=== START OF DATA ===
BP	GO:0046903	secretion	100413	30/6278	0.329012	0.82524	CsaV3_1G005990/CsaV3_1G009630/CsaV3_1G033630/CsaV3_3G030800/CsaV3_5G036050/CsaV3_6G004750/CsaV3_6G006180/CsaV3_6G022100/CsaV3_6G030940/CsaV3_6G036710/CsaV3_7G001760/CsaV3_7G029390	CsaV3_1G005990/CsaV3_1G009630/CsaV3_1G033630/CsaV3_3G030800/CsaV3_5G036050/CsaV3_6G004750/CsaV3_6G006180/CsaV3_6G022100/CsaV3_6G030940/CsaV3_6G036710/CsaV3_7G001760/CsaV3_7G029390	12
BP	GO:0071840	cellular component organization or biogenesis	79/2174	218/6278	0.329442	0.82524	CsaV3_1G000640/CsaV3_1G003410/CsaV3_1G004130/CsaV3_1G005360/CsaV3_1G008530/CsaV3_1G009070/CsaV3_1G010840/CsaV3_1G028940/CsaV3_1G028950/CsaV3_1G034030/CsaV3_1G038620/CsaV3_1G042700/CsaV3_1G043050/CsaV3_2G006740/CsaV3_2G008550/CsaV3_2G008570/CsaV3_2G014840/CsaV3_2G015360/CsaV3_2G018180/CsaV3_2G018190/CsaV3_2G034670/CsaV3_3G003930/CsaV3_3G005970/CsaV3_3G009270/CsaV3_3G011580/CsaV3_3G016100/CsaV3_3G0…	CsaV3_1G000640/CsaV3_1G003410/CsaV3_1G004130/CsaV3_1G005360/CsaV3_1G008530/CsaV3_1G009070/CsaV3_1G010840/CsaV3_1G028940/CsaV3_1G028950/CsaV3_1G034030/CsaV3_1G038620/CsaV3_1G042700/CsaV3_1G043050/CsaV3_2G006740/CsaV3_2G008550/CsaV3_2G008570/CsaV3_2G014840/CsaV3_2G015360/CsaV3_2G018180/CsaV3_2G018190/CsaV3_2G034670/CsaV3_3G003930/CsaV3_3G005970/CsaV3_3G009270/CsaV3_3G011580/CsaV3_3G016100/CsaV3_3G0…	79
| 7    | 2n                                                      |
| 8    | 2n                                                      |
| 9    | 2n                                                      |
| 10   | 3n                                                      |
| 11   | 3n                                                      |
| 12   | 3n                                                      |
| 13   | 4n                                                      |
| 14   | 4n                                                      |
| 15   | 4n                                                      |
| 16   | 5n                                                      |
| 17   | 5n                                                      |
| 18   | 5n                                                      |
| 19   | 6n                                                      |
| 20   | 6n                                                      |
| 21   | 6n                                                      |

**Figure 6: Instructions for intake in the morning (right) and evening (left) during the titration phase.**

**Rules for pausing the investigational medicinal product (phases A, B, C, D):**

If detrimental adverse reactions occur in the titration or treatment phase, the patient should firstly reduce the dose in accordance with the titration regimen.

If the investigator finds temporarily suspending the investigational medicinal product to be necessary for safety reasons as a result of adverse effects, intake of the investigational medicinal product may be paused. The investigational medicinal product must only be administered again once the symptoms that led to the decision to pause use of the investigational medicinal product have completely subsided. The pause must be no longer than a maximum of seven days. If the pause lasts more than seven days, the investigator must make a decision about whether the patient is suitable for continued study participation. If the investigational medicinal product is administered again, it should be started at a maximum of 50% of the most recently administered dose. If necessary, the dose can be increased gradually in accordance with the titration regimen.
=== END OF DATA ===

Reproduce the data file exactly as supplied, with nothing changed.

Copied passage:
BP	GO:0046903	secretion	100413	30/6278	0.329012	0.82524	CsaV3_1G005990/CsaV3_1G009630/CsaV3_1G033630/CsaV3_3G030800/CsaV3_5G036050/CsaV3_6G004750/CsaV3_6G006180/CsaV3_6G022100/CsaV3_6G030940/CsaV3_6G036710/CsaV3_7G001760/CsaV3_7G029390	CsaV3_1G005990/CsaV3_1G009630/CsaV3_1G033630/CsaV3_3G030800/CsaV3_5G036050/CsaV3_6G004750/CsaV3_6G006180/CsaV3_6G022100/CsaV3_6G030940/CsaV3_6G036710/CsaV3_7G001760/CsaV3_7G029390	12
BP	GO:0071840	cellular component organization or biogenesis	79/2174	218/6278	0.329442	0.82524	CsaV3_1G000640/CsaV3_1G003410/CsaV3_1G004130/CsaV3_1G005360/CsaV3_1G008530/CsaV3_1G009070/CsaV3_1G010840/CsaV3_1G028940/CsaV3_1G028950/CsaV3_1G034030/CsaV3_1G038620/CsaV3_1G042700/CsaV3_1G043050/CsaV3_2G006740/CsaV3_2G008550/CsaV3_2G008570/CsaV3_2G014840/CsaV3_2G015360/CsaV3_2G018180/CsaV3_2G018190/CsaV3_2G034670/CsaV3_3G003930/CsaV3_3G005970/CsaV3_3G009270/CsaV3_3G011580/CsaV3_3G016100/CsaV3_3G0…	CsaV3_1G000640/CsaV3_1G003410/CsaV3_1G004130/CsaV3_1G005360/CsaV3_1G008530/CsaV3_1G009070/CsaV3_1G010840/CsaV3_1G028940/CsaV3_1G028950/CsaV3_1G034030/CsaV3_1G038620/CsaV3_1G042700/CsaV3_1G043050/CsaV3_2G006740/CsaV3_2G008550/CsaV3_2G008570/CsaV3_2G014840/CsaV3_2G015360/CsaV3_2G018180/CsaV3_2G018190/CsaV3_2G034670/CsaV3_3G003930/CsaV3_3G005970/CsaV3_3G009270/CsaV3_3G011580/CsaV3_3G016100/CsaV3_3G0…	79
| 7    | 2n                                                      |
| 8    | 2n                                                      |
| 9    | 2n                                                      |
| 10   | 3n                                                      |
| 11   | 3n                                                      |
| 12   | 3n                                                      |
| 13   | 4n                                                      |
| 14   | 4n                                                      |
| 15   | 4n                                                      |
| 16   | 5n                                                      |
| 17   | 5n                                                      |
| 18   | 5n                                                      |
| 19   | 6n                                                      |
| 20   | 6n                                                      |
| 21   | 6n                                                      |

**Figure 6: Instructions for intake in the morning (right) and evening (left) during the titration phase.**

**Rules for pausing the investigational medicinal product (phases A, B, C, D):**

If detrimental adverse reactions occur in the titration or treatment phase, the patient should firstly reduce the dose in accordance with the titration regimen.

If the investigator finds temporarily suspending the investigational medicinal product to be necessary for safety reasons as a result of adverse effects, intake of the investigational medicinal product may be paused. The investigational medicinal product must only be administered again once the symptoms that led to the decision to pause use of the investigational medicinal product have completely subsided. The pause must be no longer than a maximum of seven days. If the pause lasts more than seven days, the investigator must make a decision about whether the patient is suitable for continued study participation. If the investigational medicinal product is administered again, it should be started at a maximum of 50% of the most recently administered dose. If necessary, the dose can be increased gradually in accordance with the titration regimen.